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The financial impact of COVID-19 for veterinary clinics

Dear Editor,
The COVID-19 outbreak has affected every aspect of our lives and impacted every sector of business and social interactions. In every region of the world, there has been a significant impact on employment and a downward spiral of the local economy. The harsh reality is that veterinary care is a business, and just as is the case for any other business, clients often provide the revenue for survival.

Unfortunately, in many Third World countries, vets lack basic resources and financial stability. Imagine what the situation is now, since pet owners have become less able to afford healthcare for their animals. They barely have enough money to feed themselves, much less to look after the welfare of their pets.

This, together with many other factors, has resulted in a significant reduction in the little revenue for veterinary services, especially in these struggling times. Many times vets have no choice but to allow clients to pay later, if they can ever pay back at all.

Although there have been specific government assistance programs set in place to assist members of the public affected by the pandemic, specifically in the public sector, there has been nothing allotted for veterinary clinics in the private sector.

So, what is the situation like when your business has been consistently designated as an essential healthcare business, but is facing financial constraints? Oftentimes, people cannot afford to pay for veterinary services (consultation, check-up, medications, treatments, spaying, neutering).

However, pets get sick on a daily basis; the vet is called, and he or she selflessly invests his time, medicine and expertise to conduct a thorough examination, just to hear, “Doc, I am low on cash. I don’t have that much money; I still need to feed myself/family and I cannot afford the bill”.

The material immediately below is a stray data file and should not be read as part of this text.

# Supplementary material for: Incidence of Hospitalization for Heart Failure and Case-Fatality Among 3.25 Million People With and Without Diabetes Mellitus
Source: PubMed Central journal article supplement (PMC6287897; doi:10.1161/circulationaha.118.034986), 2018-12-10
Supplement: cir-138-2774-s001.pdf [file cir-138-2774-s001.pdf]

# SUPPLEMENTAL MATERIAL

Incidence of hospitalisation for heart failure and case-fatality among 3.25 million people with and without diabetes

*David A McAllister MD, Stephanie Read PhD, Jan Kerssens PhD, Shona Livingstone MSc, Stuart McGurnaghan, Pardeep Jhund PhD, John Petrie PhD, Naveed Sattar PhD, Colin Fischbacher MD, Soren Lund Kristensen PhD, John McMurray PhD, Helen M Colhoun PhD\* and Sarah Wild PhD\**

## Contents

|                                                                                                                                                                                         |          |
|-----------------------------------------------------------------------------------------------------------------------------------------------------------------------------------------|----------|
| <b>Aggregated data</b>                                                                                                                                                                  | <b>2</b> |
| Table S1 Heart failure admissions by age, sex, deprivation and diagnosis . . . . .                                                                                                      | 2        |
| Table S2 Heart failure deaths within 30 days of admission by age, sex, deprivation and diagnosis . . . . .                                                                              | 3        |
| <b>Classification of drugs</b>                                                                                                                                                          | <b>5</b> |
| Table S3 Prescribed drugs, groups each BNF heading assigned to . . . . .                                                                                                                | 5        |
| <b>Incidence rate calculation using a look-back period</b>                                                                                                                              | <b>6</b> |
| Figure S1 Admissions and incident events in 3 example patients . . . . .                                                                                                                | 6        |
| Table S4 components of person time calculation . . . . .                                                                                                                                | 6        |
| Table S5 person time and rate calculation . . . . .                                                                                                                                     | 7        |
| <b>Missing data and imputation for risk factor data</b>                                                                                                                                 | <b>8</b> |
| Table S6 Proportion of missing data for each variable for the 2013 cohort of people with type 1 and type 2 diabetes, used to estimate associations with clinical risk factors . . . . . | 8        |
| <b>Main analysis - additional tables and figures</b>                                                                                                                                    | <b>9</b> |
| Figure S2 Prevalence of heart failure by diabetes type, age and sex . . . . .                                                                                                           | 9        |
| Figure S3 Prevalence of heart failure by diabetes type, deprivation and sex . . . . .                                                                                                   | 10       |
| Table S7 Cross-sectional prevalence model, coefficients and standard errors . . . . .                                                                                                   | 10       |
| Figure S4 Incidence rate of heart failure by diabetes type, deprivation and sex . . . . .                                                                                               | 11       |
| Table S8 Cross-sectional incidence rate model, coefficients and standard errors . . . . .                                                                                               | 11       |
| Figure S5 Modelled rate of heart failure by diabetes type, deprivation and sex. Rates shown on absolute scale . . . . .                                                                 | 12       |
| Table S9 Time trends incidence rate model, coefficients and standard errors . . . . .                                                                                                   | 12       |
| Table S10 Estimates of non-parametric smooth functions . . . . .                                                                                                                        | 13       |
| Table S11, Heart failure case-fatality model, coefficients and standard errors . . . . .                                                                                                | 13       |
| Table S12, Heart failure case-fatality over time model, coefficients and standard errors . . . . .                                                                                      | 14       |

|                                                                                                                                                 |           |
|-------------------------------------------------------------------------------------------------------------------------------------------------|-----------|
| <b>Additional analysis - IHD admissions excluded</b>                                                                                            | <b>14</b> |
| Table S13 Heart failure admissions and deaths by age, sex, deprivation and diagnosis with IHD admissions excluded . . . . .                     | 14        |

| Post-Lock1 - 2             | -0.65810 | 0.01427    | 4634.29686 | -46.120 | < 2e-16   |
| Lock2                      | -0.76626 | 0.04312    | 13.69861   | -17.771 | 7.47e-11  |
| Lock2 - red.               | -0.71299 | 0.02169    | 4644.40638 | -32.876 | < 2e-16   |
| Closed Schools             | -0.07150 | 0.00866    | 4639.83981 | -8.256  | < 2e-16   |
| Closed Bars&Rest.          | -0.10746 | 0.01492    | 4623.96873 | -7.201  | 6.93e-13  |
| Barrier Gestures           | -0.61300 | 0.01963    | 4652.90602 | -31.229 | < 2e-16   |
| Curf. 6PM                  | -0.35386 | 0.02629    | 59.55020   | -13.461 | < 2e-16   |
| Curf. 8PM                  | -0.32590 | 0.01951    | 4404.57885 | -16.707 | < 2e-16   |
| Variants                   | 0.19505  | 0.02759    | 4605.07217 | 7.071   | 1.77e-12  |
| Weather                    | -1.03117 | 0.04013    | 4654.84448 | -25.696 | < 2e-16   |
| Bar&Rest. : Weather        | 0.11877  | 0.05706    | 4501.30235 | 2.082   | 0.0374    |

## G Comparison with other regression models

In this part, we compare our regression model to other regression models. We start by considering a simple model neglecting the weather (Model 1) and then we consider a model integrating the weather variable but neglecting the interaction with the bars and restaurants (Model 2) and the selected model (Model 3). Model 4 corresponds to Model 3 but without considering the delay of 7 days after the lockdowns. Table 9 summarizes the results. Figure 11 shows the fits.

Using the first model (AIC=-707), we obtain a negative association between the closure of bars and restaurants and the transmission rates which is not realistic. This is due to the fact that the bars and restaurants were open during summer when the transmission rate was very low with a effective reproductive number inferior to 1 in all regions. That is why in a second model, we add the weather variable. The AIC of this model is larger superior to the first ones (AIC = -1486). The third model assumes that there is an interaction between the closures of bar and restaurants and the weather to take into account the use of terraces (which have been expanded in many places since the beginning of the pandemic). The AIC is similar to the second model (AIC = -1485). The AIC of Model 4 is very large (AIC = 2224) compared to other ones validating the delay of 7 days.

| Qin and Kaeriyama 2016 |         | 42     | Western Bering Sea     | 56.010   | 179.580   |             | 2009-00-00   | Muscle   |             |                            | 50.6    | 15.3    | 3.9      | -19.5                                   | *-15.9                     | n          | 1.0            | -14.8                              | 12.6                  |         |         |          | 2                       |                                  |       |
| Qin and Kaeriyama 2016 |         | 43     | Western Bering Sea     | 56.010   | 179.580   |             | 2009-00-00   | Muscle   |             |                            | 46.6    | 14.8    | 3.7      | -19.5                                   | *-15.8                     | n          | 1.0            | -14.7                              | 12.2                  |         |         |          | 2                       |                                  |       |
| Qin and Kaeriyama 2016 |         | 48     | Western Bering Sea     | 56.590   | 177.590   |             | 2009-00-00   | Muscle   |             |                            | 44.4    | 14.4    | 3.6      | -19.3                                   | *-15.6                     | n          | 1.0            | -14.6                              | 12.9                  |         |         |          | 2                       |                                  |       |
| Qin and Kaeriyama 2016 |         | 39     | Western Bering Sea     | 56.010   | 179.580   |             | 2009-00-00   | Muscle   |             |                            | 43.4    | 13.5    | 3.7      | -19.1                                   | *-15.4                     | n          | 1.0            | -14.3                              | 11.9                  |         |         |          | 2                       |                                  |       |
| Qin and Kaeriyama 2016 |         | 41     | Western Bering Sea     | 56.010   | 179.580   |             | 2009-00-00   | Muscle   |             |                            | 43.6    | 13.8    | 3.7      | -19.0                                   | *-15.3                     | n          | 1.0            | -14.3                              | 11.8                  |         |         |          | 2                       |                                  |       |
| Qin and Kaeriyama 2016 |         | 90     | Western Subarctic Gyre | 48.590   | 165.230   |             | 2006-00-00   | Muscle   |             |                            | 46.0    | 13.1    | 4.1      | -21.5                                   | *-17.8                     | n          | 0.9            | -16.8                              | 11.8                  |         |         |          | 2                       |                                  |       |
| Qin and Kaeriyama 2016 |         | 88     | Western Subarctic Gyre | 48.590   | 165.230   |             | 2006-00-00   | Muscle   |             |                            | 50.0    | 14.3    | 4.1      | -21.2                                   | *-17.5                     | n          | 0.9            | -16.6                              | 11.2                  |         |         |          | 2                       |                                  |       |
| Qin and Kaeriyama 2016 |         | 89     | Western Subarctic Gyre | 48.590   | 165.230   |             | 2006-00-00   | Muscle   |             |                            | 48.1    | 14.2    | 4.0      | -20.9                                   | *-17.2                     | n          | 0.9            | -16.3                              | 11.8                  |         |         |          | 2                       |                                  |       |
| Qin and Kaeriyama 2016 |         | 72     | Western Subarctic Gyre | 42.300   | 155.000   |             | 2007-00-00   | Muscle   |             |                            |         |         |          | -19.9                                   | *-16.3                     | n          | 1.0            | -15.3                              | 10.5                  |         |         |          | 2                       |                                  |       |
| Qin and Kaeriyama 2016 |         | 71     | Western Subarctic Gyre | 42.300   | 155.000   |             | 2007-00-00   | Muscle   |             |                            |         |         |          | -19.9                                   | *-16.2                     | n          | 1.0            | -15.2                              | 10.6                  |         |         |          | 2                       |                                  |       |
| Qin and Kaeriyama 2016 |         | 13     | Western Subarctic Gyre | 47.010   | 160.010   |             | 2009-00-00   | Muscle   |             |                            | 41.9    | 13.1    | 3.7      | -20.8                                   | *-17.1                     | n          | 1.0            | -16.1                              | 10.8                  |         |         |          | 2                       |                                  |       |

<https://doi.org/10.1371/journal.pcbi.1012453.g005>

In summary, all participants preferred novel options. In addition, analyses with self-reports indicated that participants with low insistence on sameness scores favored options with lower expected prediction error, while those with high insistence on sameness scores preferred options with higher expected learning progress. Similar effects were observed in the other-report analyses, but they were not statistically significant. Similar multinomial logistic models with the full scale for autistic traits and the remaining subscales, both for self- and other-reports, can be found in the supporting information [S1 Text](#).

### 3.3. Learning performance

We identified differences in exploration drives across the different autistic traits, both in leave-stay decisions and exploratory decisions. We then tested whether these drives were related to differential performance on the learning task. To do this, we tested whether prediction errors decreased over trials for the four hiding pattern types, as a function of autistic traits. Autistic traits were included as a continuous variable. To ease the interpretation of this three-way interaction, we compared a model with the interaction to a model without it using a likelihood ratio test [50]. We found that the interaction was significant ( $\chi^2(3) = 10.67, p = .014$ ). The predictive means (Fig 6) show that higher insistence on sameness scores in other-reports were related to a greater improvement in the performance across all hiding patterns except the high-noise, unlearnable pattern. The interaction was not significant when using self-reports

The vet’s compassionate and empathetic nature does not allow him or her to turn down any client, and to deny any pet a fair opportunity for survival, even though he or she is diverting precious and limited clinic funds to help a distressed animal clinging to life, or provide a better future to a pet that needs to be spayed/neutered because the owner cannot afford to take care of any more young ones.

It’s a very sad situation when clients know the value of the vet services/expertise, but only a few can really afford to pay for half of the services. Yet, the vet still has his own expenses and bills to take care of. So there is the need to cut back the practice, and if the vet cannot provide the level of care that he or she wants, the vet eventually might be forced to close the business. This economic meltdown has discouraged many pet owners from spending money on non-emergency services such as routine veterinarian visits, which aids in the daily running of clinics.

Becoming a part of the Roaring Creek Veterinary Clinic, owned by Dr. Orlando Baptist, DVMZ, a wonderful human being with a heart of gold, was the start of a highly reflective period in my life, teaching me that veterinary professionals are already stressed out emotionally.

It is more important now than ever to evaluate how these essential workers can be supported during the COVID-19 pandemic and beyond. Dr. Baptist has often been part of spayaton initiatives such as Helping Paws Across Borders, which is comprised of veterinarians who volunteer their precious and valuable time year after year to provide quality medical care to poverty-stricken areas for no cost.

Imagine, that is to show us the kind of person he is.

Earning a living as a veterinarian is directly tied to the financial success of a business, and the disruption caused by the pandemic has had a large impact on all businesses, including veterinary practice. It can be assumed that financial concerns are amplified, as financial issues have been in the forefront of veterinary clinics in Third World countries for some time, and with all the unknowns in these extraordinary times, these concerns have become intensified.

So, remember that it is important to support your vets. Next time you visit a vet clinic, remember to be kind and mindful; they are fighting a battle no one knows about, and try your best to pay your fees.

Everyone can save a 100 cats/dogs by spaying or neutering your pet and aiding in controlling the animal population. This pandemic is affecting everyone, even animals, so do the right thing.

Ms. Mirtha Welch (BPSM)

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